The number of models, as well as data inputs and outputs, are continuously growing as scientists continue to push the boundaries of spatial, temporal, and sectoral details being captured. This study presents the framework being developed to manage the Global Change Intersectoral Modeling System (GCIMS) eco-system of human-Earth system models. We discuss the challenges of ensuring continuous deployment and integration, reproducibility, interoperability, containerization, and data management for the growing suite of GCIMS models. We investigate the challenges of model version control and interoperability between models using different software, operating on different temporal and spatial scales, and focusing on different sectors. We also discuss managing transparency and accessibility to models and their corresponding data products throughout our integrated modeling lifecycle.

How to cite: Khan, Z., Vernon, C., Thompson, I., and Patel, P.: GCIMS – Integration: Reproducible, robust, and scalable workflows for interoperable human-Earth system modeling, EGU General Assembly 2023, Vienna, Austria, 23–28 Apr 2023, EGU23-4525, https://doi.org/10.5194/egusphere-egu23-4525, 2023.

X4.187
|
EGU23-7427
|
ESSI3.5
Florian Spreckelsen, Henrik tom Wörden, Daniel Hornung, Timm Fitschen, Alexander Schlemmer, and Johannes Freitag

The flexible open-source research data management toolkit CaosDB is used in a diversity of fields such as turbulence physics, legal research, maritime research and glaciology. It is used to link research data and make it findable and retrievable and to keep it consistent, even if the data model changes.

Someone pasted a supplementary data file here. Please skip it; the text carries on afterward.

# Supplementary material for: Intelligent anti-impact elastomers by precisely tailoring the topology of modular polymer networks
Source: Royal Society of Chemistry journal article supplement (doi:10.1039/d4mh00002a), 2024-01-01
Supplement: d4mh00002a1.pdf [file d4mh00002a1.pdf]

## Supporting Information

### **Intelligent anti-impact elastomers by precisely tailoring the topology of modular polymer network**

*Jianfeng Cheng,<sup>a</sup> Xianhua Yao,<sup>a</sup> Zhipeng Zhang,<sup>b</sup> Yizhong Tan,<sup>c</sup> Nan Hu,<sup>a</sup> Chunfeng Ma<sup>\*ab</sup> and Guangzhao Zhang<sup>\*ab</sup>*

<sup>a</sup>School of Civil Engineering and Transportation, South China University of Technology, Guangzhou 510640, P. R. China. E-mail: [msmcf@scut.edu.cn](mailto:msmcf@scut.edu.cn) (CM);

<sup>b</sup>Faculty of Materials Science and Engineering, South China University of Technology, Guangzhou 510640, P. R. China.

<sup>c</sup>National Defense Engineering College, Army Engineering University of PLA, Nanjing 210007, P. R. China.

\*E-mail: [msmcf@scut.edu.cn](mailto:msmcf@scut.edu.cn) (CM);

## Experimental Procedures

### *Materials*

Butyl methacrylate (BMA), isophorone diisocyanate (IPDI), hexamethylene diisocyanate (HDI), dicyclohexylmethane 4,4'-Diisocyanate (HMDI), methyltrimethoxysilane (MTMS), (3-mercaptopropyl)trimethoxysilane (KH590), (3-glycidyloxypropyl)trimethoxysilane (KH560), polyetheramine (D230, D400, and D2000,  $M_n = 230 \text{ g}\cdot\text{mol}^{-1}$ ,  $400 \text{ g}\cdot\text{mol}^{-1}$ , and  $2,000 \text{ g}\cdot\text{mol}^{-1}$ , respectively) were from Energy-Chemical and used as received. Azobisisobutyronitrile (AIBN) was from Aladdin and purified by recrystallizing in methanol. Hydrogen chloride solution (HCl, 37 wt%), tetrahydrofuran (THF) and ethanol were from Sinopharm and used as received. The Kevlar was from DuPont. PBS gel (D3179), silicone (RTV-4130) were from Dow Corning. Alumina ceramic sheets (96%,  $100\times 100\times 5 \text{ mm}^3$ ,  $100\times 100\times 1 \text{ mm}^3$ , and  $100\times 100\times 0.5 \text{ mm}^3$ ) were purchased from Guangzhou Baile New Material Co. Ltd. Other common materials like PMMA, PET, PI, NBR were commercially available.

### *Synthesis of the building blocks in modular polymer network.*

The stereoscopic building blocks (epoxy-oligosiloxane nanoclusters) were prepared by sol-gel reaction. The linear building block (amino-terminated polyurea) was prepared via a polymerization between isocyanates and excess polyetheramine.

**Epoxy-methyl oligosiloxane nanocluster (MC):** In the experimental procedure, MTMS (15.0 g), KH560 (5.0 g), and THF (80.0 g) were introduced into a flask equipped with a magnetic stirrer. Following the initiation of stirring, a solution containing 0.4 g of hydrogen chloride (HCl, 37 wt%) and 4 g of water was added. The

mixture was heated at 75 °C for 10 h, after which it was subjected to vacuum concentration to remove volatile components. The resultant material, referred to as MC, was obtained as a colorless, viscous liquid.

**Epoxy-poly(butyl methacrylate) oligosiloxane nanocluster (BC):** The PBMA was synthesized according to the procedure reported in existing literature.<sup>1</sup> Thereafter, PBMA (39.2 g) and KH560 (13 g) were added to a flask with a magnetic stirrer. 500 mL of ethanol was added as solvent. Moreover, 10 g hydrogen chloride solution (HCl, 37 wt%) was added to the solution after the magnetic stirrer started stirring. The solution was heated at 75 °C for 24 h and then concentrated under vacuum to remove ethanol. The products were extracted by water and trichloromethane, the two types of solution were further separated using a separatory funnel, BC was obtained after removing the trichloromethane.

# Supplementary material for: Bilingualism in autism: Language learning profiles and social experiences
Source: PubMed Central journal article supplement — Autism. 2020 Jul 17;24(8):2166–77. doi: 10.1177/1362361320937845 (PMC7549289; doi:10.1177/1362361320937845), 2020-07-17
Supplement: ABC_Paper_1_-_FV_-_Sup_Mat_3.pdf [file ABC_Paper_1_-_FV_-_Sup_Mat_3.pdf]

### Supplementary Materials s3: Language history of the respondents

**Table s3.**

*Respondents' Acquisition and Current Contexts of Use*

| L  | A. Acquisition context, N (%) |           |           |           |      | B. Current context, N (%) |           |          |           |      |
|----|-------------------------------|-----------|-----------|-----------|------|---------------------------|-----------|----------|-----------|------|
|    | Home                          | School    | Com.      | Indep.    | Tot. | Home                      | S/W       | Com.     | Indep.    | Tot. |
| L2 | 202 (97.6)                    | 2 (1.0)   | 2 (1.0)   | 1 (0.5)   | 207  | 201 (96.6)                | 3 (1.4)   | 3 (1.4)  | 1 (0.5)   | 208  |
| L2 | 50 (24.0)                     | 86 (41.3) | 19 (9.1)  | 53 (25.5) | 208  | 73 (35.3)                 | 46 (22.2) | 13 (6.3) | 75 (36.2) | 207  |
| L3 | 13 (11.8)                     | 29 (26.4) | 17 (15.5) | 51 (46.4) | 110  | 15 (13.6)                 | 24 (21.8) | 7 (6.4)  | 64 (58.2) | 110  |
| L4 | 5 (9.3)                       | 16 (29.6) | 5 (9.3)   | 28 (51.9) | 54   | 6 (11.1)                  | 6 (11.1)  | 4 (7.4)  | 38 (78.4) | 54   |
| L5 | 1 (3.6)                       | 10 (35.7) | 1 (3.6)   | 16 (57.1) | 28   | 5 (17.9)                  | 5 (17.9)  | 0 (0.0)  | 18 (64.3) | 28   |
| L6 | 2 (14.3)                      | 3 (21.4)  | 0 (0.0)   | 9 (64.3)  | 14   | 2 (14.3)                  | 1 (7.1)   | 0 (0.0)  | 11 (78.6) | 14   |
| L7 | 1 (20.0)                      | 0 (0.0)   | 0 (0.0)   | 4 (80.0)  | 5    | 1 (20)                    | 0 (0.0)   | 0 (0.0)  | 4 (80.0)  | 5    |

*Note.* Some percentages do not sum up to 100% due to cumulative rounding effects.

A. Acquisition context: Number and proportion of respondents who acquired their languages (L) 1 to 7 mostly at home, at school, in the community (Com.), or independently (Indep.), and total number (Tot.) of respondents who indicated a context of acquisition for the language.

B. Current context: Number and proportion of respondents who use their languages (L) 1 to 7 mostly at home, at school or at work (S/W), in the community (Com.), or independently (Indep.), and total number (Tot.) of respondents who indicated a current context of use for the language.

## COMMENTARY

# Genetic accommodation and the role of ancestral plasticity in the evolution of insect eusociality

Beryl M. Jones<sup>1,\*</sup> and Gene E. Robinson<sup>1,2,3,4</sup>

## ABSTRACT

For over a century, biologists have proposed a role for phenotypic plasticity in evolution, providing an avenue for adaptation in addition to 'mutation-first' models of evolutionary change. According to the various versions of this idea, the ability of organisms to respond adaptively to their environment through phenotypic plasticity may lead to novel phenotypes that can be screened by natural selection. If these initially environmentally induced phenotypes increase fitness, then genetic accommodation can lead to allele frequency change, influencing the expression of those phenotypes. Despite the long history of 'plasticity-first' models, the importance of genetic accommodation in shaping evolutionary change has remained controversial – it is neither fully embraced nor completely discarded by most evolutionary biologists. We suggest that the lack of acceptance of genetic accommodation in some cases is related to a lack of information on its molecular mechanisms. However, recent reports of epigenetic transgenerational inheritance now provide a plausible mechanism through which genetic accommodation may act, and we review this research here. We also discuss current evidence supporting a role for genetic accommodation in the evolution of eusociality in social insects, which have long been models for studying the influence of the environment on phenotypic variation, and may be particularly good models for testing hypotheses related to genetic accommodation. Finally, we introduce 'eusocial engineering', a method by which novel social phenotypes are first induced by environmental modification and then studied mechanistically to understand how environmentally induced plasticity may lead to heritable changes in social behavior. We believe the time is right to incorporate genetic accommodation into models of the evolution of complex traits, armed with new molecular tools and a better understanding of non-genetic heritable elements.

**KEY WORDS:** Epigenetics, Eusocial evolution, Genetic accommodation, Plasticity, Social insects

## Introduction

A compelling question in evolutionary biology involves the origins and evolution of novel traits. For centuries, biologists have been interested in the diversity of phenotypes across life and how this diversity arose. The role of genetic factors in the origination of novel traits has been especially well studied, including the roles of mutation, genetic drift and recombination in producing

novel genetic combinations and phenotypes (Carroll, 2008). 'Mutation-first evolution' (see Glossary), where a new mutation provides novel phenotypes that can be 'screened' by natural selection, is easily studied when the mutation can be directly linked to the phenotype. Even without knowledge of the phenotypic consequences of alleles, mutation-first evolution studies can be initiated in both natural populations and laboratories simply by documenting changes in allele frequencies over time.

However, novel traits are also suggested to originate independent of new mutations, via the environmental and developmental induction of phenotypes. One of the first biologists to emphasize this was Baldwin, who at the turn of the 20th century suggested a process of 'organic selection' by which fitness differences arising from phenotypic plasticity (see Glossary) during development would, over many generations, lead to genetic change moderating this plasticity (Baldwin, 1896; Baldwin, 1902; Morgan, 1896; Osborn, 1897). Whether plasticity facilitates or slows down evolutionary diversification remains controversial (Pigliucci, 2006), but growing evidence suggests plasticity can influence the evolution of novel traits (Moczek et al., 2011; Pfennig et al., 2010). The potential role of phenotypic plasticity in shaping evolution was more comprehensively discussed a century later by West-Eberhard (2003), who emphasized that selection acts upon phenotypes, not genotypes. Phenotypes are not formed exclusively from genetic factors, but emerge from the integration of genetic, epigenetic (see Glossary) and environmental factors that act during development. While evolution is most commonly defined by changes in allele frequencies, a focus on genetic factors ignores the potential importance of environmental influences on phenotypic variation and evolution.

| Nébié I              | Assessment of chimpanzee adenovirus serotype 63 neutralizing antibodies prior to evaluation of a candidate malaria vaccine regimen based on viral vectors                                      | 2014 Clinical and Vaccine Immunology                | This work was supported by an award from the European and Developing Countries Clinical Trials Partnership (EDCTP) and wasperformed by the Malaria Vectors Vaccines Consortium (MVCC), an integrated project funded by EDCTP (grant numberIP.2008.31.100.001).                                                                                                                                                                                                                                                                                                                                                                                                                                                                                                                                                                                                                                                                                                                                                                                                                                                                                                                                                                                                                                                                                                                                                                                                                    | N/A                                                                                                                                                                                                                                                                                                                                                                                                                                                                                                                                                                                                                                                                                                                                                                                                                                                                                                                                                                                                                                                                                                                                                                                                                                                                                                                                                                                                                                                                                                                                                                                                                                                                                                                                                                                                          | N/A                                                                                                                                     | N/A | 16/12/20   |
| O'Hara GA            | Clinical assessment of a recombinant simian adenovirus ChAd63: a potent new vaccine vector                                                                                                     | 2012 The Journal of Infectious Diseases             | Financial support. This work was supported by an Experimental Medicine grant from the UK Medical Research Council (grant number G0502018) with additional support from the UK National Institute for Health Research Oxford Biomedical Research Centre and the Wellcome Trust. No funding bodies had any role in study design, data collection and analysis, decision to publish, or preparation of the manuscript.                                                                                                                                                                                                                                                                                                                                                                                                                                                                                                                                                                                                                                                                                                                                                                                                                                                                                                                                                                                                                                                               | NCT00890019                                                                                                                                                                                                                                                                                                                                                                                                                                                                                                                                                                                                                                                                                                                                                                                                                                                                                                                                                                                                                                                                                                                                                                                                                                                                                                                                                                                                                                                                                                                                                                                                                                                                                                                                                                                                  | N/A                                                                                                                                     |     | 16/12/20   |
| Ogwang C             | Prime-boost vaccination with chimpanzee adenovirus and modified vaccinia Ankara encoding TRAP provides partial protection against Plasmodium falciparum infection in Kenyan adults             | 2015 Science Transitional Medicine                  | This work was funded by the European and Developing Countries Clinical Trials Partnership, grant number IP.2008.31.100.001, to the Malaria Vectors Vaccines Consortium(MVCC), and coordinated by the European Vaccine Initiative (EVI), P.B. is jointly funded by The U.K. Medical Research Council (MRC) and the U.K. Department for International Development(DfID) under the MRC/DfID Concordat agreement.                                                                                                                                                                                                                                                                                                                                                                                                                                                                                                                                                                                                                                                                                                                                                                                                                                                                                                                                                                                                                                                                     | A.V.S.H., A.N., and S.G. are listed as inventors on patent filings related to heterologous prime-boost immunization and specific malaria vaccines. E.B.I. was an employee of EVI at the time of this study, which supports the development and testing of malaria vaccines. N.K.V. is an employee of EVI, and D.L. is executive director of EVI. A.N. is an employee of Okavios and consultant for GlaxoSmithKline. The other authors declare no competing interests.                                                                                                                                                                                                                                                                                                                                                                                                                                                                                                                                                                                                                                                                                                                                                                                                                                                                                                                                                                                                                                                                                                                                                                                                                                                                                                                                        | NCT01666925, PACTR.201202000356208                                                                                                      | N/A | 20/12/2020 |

CaosDB is used in the glaciology department at the Alfred Wegener Institute in Bremerhaven for the management of ice core samples and related measurements and analyses. Researchers can use the system to query for ice samples linked to, e.g., specific measurements for which they then can request to borrow for further analyses. This facilitates inter-laboratory collaborative research on the same samples. The system helped to solve a number of needs for the researchers, such as: A revision system which intrinsically keeps track of changes to the data and in which state samples were, when certain analyses were performed. Automated gathering of information for the publication in a meta-data repository (Pangaea). Tools for storing, displaying and  querying geospatial information and graphical summaries of all the measurements and analyses performed on an ice core. Automatic data extraction and refinement into data records in CaosDB so that users do not need to enter the data manually. A state machine which guarantees certain workflows, simplifies development and can be extended to trigger additional actions upon transitions.